Stoltenberg: NATO to Step up its Defense against biological weapons

Stoltenberg: NATO to Step up its Defense against biological weapons

Given the fatal consequences of the COVID-19 pandemic in 2020, NATO intends to intensify its efforts against potential future attacks conducted via biological weapons.

The North Atlantic Treaty Organisation (NATO) seeks to step up its efforts against biological weapons. According to NATO Secretary-General Jens Stoltenberg, the coronavirus was not a laboratory-created virus, but it showed the perils that exist connected with biological warfare agents. One needed, therefore, to strengthen the defense against the threat.

Accordingly, NATO is already in the process of improving the exchange of intelligence information in order to prevent possible attacks with biological weapons. “These weapons, such as chemical weapons, are banned under international law, but we have to be prepared for their use because we know that these weapons are still around,” said Stoltenberg.

Moreover, Stoltenberg did not rule out the possibility that a widespread bioweapons attack with hundreds of thousands of deaths could likely result in retaliatory attacks with conventional or nuclear weapons.

“NATO has no banned weapons, but we have a range of capabilities to respond appropriately,” he said. If Article 5 for collective defense were triggered after a biological attack, NATO could utilize all of these capabilities.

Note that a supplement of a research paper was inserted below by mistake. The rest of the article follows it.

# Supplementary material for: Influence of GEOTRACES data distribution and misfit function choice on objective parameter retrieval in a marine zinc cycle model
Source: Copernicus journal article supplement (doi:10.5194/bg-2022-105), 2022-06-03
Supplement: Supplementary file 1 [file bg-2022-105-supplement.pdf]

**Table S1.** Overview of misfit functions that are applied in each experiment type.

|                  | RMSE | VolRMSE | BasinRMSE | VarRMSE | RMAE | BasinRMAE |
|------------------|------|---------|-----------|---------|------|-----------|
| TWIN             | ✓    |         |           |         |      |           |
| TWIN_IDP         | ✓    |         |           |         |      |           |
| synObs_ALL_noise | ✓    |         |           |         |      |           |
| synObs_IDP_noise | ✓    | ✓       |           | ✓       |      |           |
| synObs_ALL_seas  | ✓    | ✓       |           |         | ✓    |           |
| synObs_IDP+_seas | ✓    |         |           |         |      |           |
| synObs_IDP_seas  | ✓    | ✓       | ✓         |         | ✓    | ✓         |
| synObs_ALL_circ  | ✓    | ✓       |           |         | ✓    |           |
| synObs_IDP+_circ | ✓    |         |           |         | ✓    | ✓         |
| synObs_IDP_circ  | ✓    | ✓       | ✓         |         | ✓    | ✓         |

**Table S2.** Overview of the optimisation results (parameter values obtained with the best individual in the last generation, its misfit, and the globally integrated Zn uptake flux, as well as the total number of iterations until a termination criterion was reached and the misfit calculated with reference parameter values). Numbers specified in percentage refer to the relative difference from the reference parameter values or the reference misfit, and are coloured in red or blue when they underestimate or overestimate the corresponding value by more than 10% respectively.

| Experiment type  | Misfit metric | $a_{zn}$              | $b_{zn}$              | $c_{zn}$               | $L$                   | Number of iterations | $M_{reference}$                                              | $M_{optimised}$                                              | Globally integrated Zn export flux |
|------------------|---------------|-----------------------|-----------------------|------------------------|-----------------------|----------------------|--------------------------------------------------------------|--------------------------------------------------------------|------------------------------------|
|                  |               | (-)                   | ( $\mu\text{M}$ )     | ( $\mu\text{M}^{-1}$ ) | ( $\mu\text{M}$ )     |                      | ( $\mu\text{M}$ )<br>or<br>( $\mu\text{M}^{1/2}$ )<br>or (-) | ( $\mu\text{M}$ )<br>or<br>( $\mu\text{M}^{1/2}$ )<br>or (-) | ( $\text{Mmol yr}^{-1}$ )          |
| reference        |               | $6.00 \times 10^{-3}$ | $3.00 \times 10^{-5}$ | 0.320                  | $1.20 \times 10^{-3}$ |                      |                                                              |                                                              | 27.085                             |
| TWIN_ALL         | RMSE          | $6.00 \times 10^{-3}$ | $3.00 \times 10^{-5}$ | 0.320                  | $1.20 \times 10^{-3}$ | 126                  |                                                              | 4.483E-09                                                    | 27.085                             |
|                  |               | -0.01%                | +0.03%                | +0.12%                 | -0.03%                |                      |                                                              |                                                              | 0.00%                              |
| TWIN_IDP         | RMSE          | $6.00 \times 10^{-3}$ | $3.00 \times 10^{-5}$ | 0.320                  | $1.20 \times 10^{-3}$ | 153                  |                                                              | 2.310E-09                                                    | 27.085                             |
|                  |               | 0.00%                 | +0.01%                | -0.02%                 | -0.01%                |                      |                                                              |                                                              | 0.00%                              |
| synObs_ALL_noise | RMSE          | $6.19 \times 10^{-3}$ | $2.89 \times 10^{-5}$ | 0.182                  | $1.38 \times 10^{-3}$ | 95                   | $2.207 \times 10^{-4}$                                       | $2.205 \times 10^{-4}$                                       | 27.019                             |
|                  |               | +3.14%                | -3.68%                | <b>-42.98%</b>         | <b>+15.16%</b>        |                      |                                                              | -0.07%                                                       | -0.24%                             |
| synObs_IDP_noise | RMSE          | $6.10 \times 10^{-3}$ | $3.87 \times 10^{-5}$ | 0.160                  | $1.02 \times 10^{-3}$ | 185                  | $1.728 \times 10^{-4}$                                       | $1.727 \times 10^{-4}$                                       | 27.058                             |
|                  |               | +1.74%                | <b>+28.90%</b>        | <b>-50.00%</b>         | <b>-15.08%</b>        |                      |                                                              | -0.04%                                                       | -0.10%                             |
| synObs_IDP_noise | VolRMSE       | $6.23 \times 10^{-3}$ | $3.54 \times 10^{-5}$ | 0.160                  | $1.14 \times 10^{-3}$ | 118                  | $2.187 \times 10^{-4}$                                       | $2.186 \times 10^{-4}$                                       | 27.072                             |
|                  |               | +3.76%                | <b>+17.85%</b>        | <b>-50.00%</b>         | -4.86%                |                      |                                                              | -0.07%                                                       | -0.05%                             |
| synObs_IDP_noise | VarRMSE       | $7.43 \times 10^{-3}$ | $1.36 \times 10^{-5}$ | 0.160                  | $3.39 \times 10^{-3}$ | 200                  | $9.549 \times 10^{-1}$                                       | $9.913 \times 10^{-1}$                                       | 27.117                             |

In addition to smallpox and anthrax pathogens, influenza and coronaviruses have also been considered possible biological weapons for years. Particularly as researchers have repeatedly demonstrated that viruses can be artificially made more harmful in the laboratory.

The background for such experiments are efforts to be better prepared for the consequences of natural virus mutations. At the same time, however, they also show what consequences it could have if, for example, terrorists were to gain access to such capabilities.

UN Secretary-General António Guterres had already warned of the dangers of terrorist attacks with biological weapons. The pandemic had shown that preparations for the disaster might not be enough, he said in July. He also called for the Biological Weapons Convention to be strengthened.

With a view to the current corona pandemic, Stoltenberg emphasized that NATO was still ready to help. “NATO and the military could assist in distributing the vaccines.” The NATO Center for Civil Protection has been coordinating aid in other areas for months. For example, recently, numerous ventilators were delivered to Balkan countries and other alliance states.

(Image: Flickr)

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